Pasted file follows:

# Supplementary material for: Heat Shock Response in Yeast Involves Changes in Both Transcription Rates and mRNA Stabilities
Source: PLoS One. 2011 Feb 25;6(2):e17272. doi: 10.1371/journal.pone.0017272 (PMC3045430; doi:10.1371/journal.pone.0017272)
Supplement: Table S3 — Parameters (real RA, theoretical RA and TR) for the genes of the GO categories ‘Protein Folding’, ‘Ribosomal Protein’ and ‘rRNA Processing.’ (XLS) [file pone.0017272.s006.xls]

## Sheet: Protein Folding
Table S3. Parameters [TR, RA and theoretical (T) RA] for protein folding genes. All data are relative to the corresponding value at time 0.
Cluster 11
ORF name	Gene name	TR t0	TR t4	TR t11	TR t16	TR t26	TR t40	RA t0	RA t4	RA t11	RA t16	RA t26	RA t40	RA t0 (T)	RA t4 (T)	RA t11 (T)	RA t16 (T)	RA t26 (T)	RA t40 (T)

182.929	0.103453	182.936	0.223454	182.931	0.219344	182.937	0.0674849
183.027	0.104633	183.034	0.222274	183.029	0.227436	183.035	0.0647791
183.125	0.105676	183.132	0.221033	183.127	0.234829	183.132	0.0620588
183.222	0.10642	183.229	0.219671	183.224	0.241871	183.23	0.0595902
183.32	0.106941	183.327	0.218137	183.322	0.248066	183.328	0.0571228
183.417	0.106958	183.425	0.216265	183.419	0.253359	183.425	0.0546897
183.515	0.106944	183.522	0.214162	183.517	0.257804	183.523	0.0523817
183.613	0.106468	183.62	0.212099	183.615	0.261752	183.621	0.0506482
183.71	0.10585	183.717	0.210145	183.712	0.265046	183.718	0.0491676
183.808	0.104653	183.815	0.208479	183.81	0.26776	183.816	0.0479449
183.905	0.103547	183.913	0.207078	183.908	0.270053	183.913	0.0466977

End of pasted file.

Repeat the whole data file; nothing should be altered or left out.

# Supplementary material for: Heat Shock Response in Yeast Involves Changes in Both Transcription Rates and mRNA Stabilities
Source: PLoS One. 2011 Feb 25;6(2):e17272. doi: 10.1371/journal.pone.0017272 (PMC3045430; doi:10.1371/journal.pone.0017272)
Supplement: Table S3 — Parameters (real RA, theoretical RA and TR) for the genes of the GO categories ‘Protein Folding’, ‘Ribosomal Protein’ and ‘rRNA Processing.’ (XLS) [file pone.0017272.s006.xls]

## Sheet: Protein Folding
Table S3. Parameters [TR, RA and theoretical (T) RA] for protein folding genes. All data are relative to the corresponding value at time 0.
Cluster 11
ORF name	Gene name	TR t0	TR t4	TR t11	TR t16	TR t26	TR t40	RA t0	RA t4	RA t11	RA t16	RA t26	RA t40	RA t0 (T)	RA t4 (T)	RA t11 (T)	RA t16 (T)	RA t26 (T)	RA t40 (T)

182.929	0.103453	182.936	0.223454	182.931	0.219344	182.937	0.0674849
183.027	0.104633	183.034	0.222274	183.029	0.227436	183.035	0.0647791
183.125	0.105676	183.132	0.221033	183.127	0.234829	183.132	0.0620588
183.222	0.10642	183.229	0.219671	183.224	0.241871	183.23	0.0595902
183.32	0.106941	183.327	0.218137	183.322	0.248066	183.328	0.0571228
183.417	0.106958	183.425	0.216265	183.419	0.253359	183.425	0.0546897
183.515	0.106944	183.522	0.214162	183.517	0.257804	183.523	0.0523817
183.613	0.106468	183.62	0.212099	183.615	0.261752	183.621	0.0506482
183.71	0.10585	183.717	0.210145	183.712	0.265046	183.718	0.0491676
183.808	0.104653	183.815	0.208479	183.81	0.26776	183.816	0.0479449
183.905	0.103547	183.913	0.207078	183.908	0.270053	183.913	0.0466977